2)  Make requests without criticism. It’s easy to assume that our partners know what bothers us, but often they don’t. Either way, it is helpful to make requests directly to avoid confusion and build respect in your relationship. “Can you please not leave your socks on the floor?” is very different and is received better than a more critical statement like “I hate when you leave your socks on the floor! Who does that, anyway?!” With criticism, the underlying message is “What’s wrong with you?”  Most people do not respond well to criticism and it decreases the likelihood of getting the outcome you want.  Instead, try making a request about what you want the other person to do.  Be specific, pick one thing at a time, and recognize that you are making a request – not a demand.

3)  Pick your battles. There may be a lot of differences in cleaning preferences between you and your partner, but some will seem more important than others. Making requests about those issues first and not everything all at once can ease the transition. There also may be some issues that you can let go of when you adjust to your partner’s differences.

4)  Come up with a cleaning routine that works for both of you. Some couples use a chore chart, some couples take turns. One great method is to set aside time to clean together, each partner doing the tasks they prefer or are of the highest importance to them. It is crucial to find a method that works for both people, so that one partner does not feel resentful if the other takes the lead.

5)  Realize that it’s not always going to be equal. Distribution of labor in a couple is rarely going to be 50/50. One partner might take out the trash more often and the other might do more dishes. That is OKAY!  What is important is that you both feel valued and that you each are committed to working together on the same team.  If the overall cleaning distribution is feeling unequal, it is probably time to reevaluate and start making some requests (see #2 above).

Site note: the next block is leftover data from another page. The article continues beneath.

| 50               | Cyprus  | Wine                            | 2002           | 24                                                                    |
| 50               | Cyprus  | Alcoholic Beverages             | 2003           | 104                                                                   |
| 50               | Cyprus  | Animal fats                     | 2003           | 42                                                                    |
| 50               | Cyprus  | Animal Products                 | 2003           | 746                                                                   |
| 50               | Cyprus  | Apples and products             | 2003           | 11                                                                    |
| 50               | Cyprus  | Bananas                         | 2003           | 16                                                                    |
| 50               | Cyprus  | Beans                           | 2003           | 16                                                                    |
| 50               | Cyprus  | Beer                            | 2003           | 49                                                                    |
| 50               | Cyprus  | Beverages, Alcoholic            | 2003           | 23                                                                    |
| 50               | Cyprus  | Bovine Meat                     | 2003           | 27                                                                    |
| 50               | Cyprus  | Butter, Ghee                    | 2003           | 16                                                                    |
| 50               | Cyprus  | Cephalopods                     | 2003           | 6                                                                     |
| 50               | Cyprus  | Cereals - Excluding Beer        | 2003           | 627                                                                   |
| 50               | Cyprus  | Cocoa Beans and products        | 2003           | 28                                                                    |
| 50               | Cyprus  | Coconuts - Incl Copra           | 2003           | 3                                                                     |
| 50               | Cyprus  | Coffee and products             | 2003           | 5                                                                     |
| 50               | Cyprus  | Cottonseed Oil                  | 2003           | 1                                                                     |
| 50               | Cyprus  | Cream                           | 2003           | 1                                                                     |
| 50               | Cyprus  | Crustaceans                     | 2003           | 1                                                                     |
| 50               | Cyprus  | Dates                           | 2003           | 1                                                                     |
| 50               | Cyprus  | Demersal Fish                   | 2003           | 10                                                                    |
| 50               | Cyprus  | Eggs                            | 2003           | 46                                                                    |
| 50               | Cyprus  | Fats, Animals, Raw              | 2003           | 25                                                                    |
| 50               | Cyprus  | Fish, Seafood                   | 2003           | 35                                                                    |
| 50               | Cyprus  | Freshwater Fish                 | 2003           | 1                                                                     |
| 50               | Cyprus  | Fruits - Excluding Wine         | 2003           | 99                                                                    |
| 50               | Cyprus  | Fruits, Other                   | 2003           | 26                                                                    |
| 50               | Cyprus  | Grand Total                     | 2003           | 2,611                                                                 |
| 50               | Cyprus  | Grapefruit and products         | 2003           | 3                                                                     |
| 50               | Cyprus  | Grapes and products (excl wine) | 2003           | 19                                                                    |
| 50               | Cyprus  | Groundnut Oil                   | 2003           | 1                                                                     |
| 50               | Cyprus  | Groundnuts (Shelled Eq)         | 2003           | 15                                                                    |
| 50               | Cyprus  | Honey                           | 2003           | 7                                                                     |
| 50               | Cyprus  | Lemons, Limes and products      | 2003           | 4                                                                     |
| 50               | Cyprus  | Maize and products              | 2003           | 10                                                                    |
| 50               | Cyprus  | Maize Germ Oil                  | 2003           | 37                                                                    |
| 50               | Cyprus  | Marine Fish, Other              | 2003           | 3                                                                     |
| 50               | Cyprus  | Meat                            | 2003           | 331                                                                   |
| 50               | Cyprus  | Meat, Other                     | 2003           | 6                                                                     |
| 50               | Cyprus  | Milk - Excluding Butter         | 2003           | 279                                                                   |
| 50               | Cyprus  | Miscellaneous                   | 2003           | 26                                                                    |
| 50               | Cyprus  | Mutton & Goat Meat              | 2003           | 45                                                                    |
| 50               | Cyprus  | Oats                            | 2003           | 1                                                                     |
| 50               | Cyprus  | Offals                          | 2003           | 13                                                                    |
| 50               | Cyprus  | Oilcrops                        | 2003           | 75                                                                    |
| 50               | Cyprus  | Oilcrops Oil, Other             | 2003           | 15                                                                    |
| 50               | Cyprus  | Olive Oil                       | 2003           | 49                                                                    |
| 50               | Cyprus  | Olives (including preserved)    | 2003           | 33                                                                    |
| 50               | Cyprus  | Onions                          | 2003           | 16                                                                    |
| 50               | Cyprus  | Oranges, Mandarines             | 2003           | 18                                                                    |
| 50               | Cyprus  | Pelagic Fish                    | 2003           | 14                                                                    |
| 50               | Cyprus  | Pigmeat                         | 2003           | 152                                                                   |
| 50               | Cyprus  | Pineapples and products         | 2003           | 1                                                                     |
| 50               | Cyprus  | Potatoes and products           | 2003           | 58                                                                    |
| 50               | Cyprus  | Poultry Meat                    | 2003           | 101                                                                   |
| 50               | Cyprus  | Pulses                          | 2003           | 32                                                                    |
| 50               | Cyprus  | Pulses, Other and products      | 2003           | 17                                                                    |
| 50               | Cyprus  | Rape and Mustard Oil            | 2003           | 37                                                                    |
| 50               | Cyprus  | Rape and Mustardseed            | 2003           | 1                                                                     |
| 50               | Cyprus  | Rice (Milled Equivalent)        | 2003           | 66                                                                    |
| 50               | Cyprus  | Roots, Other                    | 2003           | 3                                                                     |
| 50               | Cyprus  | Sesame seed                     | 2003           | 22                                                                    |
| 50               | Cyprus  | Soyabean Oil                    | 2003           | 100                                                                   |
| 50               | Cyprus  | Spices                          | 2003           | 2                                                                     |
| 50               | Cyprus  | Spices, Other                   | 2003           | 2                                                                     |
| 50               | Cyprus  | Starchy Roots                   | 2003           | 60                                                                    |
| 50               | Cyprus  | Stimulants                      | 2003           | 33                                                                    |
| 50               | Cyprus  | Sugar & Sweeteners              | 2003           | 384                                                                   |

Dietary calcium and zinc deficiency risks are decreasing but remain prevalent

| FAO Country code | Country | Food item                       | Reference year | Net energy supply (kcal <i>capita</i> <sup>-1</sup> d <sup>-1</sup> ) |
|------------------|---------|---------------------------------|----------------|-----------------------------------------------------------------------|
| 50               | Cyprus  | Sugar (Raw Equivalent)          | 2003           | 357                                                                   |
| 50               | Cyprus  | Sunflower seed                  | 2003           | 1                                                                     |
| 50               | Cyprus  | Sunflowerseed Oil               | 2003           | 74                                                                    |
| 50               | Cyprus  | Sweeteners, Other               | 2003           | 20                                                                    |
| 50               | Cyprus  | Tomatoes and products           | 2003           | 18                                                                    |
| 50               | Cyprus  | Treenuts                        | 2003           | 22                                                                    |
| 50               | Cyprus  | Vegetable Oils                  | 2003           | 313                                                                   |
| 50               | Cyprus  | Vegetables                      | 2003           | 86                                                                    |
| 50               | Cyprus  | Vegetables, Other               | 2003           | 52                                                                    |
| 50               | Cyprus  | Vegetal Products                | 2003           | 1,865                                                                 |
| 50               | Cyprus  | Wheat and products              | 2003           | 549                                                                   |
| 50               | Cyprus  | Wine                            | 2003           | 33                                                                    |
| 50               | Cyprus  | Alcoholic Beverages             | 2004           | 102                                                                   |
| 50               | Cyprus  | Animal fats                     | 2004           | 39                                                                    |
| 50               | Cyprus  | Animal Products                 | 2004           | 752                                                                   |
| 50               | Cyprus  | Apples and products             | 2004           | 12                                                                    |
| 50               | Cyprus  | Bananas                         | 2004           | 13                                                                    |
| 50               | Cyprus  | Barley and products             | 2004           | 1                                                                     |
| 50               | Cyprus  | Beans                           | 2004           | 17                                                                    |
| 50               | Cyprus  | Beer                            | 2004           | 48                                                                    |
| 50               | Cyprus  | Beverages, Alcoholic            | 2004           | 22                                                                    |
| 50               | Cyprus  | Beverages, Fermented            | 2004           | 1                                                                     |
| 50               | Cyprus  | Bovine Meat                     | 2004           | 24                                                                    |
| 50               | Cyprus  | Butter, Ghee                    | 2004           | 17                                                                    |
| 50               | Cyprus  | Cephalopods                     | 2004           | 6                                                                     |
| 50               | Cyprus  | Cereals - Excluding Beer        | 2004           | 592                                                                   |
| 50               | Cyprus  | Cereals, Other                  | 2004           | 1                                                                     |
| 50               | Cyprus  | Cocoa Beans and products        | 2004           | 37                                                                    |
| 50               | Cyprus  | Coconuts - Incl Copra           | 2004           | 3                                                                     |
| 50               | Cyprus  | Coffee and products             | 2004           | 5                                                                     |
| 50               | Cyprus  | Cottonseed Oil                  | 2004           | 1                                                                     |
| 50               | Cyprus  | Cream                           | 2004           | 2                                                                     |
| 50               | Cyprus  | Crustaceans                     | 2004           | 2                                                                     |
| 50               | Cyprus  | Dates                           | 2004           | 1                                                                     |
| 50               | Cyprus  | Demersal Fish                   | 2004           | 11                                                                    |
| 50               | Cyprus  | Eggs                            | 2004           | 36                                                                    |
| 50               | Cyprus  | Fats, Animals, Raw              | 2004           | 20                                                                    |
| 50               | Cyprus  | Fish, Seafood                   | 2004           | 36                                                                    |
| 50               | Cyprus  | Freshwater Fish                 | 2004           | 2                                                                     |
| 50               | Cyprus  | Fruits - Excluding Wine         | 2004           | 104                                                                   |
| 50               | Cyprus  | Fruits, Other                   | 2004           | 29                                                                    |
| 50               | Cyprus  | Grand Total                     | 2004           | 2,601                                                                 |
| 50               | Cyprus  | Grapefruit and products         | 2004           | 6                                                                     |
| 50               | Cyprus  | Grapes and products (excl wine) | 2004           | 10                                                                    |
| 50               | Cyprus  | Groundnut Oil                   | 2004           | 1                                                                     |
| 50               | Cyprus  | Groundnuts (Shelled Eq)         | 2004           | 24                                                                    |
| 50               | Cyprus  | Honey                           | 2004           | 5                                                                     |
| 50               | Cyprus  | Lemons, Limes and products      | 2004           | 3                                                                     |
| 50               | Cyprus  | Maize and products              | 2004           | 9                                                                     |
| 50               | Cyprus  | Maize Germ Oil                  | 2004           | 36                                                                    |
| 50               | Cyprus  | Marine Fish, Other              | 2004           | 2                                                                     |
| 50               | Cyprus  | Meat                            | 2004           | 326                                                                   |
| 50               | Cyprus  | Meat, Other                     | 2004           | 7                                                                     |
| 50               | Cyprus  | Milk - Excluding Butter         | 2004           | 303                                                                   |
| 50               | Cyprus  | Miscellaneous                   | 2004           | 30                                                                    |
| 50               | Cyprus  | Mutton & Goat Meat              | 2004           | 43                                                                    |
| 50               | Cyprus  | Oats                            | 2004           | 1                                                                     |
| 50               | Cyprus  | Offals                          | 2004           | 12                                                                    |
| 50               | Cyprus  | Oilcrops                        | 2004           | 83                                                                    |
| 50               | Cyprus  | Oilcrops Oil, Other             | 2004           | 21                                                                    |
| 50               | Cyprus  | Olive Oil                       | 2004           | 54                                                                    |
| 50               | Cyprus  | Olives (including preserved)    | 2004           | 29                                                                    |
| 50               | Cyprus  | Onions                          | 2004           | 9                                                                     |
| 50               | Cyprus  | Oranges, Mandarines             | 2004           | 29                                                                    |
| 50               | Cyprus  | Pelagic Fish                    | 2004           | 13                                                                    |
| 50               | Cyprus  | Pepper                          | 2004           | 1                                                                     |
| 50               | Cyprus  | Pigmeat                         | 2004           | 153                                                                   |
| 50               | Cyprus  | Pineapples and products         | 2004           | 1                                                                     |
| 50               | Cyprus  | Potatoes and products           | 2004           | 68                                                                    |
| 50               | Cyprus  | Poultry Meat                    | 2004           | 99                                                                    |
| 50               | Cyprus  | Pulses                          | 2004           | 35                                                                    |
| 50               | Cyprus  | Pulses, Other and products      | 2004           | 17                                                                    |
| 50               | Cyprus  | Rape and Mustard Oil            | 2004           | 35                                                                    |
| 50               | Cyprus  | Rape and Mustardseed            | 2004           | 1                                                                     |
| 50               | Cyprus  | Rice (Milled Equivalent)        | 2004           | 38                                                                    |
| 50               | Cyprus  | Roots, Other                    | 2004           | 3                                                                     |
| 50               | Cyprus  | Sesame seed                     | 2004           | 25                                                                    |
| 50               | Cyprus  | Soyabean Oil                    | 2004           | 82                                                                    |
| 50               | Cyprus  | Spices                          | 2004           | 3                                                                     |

6)  Reward yourself and use praise! After you clean (which, let’s face it, is not all that fun) do something nice as a couple. Also, remember that using positive reinforcement in the form of “thank you’s”, acknowledgement or compliments is often the best way to ensure that your partner will want to heed your requests again!

Compare and Despair

With social media, it is easy to get lost in a spiral of passively watching other people’s lives unfold instead of directly communicating with them.  This often leads us to compare ourselves to others and feel despair as a result.  You may notice who’s getting married, who’s having a baby, getting a promotion, going on a fabulous trip, having a party (that you weren’t invited to), or many other countless events that bring up painful realities in your own life. The result: you feel less than those around you.

Such comparisons can be misleading because social media only displays a snapshot of someone’s life; the best part, the part that they want everyone else to see. Events in people’s lives are influenced by so many factors that it is difficult to compare or judge who is doing things right and if people even have what you want.

Facebook and other social media sites are intended to connect people, to bring them together, but in reality social media can create emotional disconnect in relationships. When we put other people on a pedestal we are distancing ourselves from them – they become bigger than life and we can feel intimidated, maybe even turned off by their seeming prowess in the world.

In essence, people may have life experiences similar to yours, but if you assume they are better than or worse than you, it will be difficult to connect with them. Comparison can lead to competition and jealousy, which keeps people apart. You never know what you will find out about someone if you ask the deeper questions and connect rather than deduce based on observation alone.

Just something to keep in mind on your social media trails…